Non-synchronous Network Time Protocol-based Variant
Commonly a Mills-style Unix clock is implemented with leap second handling not synchronous with the change of the Unix time number. The time number initially decreases where a leap should have occurred, and then it leaps to the correct time 1 second after the leap. This makes implementation easier, and is described by Mills's paper. This is what happens across a positive leap second:
|TAI (1 January 1999)||UTC (31 December 1998 to 1 January 1999)||state||Unix clock|
|1999-01-01T00:00:29.75||1998-12-31T23:59:58.75||TIME_INS||915 148 798.75|
|1999-01-01T00:00:30.00||1998-12-31T23:59:59.00||TIME_INS||915 148 799.00|
|1999-01-01T00:00:30.25||1998-12-31T23:59:59.25||TIME_INS||915 148 799.25|
|1999-01-01T00:00:30.50||1998-12-31T23:59:59.50||TIME_INS||915 148 799.50|
|1999-01-01T00:00:30.75||1998-12-31T23:59:59.75||TIME_INS||915 148 799.75|
|1999-01-01T00:00:31.00||1998-12-31T23:59:60.00||TIME_INS||915 148 800.00|
|1999-01-01T00:00:31.25||1998-12-31T23:59:60.25||TIME_OOP||915 148 799.25|
|1999-01-01T00:00:31.50||1998-12-31T23:59:60.50||TIME_OOP||915 148 799.50|
|1999-01-01T00:00:31.75||1998-12-31T23:59:60.75||TIME_OOP||915 148 799.75|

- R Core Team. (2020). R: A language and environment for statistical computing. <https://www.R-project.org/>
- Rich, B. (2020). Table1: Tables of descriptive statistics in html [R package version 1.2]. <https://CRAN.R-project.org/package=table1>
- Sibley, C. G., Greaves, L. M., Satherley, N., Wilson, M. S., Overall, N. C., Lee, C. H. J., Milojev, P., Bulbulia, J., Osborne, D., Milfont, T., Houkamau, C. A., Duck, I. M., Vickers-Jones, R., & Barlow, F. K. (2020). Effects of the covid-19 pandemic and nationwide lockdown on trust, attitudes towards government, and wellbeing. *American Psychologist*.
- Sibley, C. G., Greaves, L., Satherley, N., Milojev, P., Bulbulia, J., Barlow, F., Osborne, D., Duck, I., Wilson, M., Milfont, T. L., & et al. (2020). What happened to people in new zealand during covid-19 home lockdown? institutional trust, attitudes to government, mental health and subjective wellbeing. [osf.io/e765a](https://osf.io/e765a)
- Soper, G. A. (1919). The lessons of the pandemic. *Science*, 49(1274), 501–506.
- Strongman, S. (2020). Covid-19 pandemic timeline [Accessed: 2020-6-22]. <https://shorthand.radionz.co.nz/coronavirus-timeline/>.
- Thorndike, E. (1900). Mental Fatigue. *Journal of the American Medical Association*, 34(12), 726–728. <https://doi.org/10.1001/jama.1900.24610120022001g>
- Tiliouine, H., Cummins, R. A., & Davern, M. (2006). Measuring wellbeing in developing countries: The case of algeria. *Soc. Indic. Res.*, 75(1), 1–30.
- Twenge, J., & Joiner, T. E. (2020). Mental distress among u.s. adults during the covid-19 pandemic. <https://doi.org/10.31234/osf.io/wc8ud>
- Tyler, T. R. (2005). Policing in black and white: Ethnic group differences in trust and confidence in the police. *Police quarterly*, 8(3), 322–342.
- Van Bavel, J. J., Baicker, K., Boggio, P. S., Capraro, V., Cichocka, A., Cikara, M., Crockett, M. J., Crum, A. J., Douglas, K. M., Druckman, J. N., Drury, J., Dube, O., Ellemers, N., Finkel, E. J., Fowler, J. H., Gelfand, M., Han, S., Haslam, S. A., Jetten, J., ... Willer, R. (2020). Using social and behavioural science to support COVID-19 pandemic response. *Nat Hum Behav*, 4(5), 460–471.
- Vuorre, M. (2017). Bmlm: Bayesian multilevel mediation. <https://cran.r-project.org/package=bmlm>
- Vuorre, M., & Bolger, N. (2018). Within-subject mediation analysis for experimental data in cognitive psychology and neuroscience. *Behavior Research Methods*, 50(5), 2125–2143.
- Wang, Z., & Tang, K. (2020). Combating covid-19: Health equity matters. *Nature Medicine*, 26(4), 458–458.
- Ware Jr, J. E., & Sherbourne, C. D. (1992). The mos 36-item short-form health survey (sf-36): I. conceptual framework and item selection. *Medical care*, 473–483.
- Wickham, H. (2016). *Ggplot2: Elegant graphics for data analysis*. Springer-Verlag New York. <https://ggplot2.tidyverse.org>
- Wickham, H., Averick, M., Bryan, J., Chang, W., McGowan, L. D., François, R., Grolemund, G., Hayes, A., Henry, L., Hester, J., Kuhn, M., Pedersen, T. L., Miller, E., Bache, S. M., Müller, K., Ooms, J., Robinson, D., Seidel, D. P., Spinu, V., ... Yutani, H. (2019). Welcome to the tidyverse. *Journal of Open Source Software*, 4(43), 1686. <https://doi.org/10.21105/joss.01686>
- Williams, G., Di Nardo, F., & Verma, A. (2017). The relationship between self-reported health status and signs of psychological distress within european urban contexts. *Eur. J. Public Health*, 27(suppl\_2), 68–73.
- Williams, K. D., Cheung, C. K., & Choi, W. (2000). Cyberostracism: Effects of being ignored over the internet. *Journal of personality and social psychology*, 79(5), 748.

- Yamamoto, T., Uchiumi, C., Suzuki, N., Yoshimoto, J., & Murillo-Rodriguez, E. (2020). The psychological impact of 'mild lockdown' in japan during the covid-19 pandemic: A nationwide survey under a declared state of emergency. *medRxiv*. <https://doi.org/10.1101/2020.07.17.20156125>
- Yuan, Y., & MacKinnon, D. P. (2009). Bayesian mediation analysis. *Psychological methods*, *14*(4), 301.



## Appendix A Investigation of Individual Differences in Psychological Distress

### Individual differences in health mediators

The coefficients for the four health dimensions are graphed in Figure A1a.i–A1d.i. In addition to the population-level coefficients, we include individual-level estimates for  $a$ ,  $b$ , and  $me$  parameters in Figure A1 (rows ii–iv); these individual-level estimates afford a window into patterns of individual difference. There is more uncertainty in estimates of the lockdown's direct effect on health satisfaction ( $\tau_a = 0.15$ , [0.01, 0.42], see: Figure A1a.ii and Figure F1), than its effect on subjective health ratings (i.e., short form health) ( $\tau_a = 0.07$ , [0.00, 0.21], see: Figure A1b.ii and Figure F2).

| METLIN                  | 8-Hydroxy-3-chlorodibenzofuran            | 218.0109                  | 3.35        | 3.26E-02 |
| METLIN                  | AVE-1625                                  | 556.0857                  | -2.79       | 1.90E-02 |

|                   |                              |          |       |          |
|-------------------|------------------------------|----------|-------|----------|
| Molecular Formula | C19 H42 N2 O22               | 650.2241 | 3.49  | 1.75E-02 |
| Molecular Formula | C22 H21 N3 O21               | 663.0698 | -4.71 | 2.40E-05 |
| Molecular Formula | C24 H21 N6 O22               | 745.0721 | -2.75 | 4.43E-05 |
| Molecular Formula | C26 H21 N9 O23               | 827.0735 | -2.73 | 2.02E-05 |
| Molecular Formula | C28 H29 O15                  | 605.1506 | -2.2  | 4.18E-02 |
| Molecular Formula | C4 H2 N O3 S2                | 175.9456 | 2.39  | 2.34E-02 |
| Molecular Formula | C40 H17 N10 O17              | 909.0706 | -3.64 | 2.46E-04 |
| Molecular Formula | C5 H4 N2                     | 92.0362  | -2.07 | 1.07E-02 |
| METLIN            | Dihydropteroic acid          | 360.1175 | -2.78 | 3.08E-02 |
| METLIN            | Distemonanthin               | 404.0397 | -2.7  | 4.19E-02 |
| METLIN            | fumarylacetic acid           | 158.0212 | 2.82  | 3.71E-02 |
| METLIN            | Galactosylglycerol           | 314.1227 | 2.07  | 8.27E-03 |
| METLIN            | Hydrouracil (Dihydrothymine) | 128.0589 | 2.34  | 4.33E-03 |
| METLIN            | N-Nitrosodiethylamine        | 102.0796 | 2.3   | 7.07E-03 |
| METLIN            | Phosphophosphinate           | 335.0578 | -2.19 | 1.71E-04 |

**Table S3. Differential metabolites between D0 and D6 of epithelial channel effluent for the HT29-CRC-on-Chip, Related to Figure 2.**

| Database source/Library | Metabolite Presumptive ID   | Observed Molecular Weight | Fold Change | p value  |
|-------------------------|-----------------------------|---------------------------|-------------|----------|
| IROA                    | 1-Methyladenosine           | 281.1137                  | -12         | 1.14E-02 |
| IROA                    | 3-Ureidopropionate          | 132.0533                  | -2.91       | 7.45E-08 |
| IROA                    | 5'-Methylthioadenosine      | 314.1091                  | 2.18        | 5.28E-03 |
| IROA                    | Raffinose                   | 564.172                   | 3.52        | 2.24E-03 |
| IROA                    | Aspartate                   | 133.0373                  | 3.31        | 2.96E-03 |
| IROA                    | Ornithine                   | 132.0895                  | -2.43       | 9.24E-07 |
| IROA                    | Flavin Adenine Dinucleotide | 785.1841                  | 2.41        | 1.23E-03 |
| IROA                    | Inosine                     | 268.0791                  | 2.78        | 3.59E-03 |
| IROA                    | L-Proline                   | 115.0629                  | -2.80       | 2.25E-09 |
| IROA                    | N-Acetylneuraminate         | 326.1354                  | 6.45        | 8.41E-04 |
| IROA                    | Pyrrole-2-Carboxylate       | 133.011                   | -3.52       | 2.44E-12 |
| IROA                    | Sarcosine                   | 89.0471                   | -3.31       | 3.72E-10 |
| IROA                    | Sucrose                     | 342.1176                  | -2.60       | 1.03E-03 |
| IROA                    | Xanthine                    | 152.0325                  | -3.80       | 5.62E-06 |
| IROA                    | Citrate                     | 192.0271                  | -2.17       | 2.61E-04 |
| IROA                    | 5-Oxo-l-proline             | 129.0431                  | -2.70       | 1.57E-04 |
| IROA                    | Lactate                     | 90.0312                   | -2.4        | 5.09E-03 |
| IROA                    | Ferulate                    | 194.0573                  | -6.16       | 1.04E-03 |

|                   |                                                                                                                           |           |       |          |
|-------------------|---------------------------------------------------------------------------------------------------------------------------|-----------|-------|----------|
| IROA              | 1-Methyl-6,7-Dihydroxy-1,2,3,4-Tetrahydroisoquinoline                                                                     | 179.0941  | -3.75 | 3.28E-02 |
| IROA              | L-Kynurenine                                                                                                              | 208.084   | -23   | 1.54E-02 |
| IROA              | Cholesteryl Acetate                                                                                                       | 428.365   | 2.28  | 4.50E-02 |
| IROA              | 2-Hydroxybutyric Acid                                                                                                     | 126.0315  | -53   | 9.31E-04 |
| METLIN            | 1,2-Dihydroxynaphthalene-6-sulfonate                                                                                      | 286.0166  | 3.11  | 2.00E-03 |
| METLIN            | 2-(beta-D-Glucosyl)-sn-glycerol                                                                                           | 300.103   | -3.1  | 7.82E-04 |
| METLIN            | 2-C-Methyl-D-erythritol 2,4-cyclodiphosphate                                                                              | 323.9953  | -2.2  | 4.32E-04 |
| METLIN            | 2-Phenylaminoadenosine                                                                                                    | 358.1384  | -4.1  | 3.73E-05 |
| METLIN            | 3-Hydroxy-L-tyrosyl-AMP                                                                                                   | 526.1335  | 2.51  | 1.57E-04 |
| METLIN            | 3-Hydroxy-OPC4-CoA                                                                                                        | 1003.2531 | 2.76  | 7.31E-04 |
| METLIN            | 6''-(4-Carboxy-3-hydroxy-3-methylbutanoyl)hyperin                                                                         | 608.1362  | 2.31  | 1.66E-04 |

|1999-01-01T00:00:32.00||1999-01-01T00:00:00.00||TIME_OOP||915 148 800.00|
|1999-01-01T00:00:32.25||1999-01-01T00:00:00.25||TIME_WAIT||915 148 800.25|
|1999-01-01T00:00:32.50||1999-01-01T00:00:00.50||TIME_WAIT||915 148 800.50|
|1999-01-01T00:00:32.75||1999-01-01T00:00:00.75||TIME_WAIT||915 148 800.75|
|1999-01-01T00:00:33.00||1999-01-01T00:00:01.00||TIME_WAIT||915 148 801.00|
|1999-01-01T00:00:33.25||1999-01-01T00:00:01.25||TIME_WAIT||915 148 801.25|
This can be decoded properly by paying attention to the leap second state variable, which unambiguously indicates whether the leap has been performed yet. The state variable change is synchronous with the leap.
A similar situation arises with a negative leap second, where the second that is skipped is slightly too late. Very briefly the system shows a nominally impossible time number, but this can be detected by the TIME_DEL state and corrected.
In this type of system the Unix time number violates POSIX around both types of leap second. Collecting the leap second state variable along with the time number allows for unambiguous decoding, so the correct POSIX time number can be generated if desired, or the full UTC time can be stored in a more suitable format.
The decoding logic required to cope with this style of Unix clock would also correctly decode a hypothetical POSIX-conforming clock using the same interface. This would be achieved by indicating the TIME_INS state during the entirety of an inserted leap second, then indicating TIME_WAIT during the entirety of the following second while repeating the seconds count. This requires synchronous leap second handling. This is probably the best way to express UTC time in Unix clock form, via a Unix interface, when the underlying clock is fundamentally untroubled by leap seconds.
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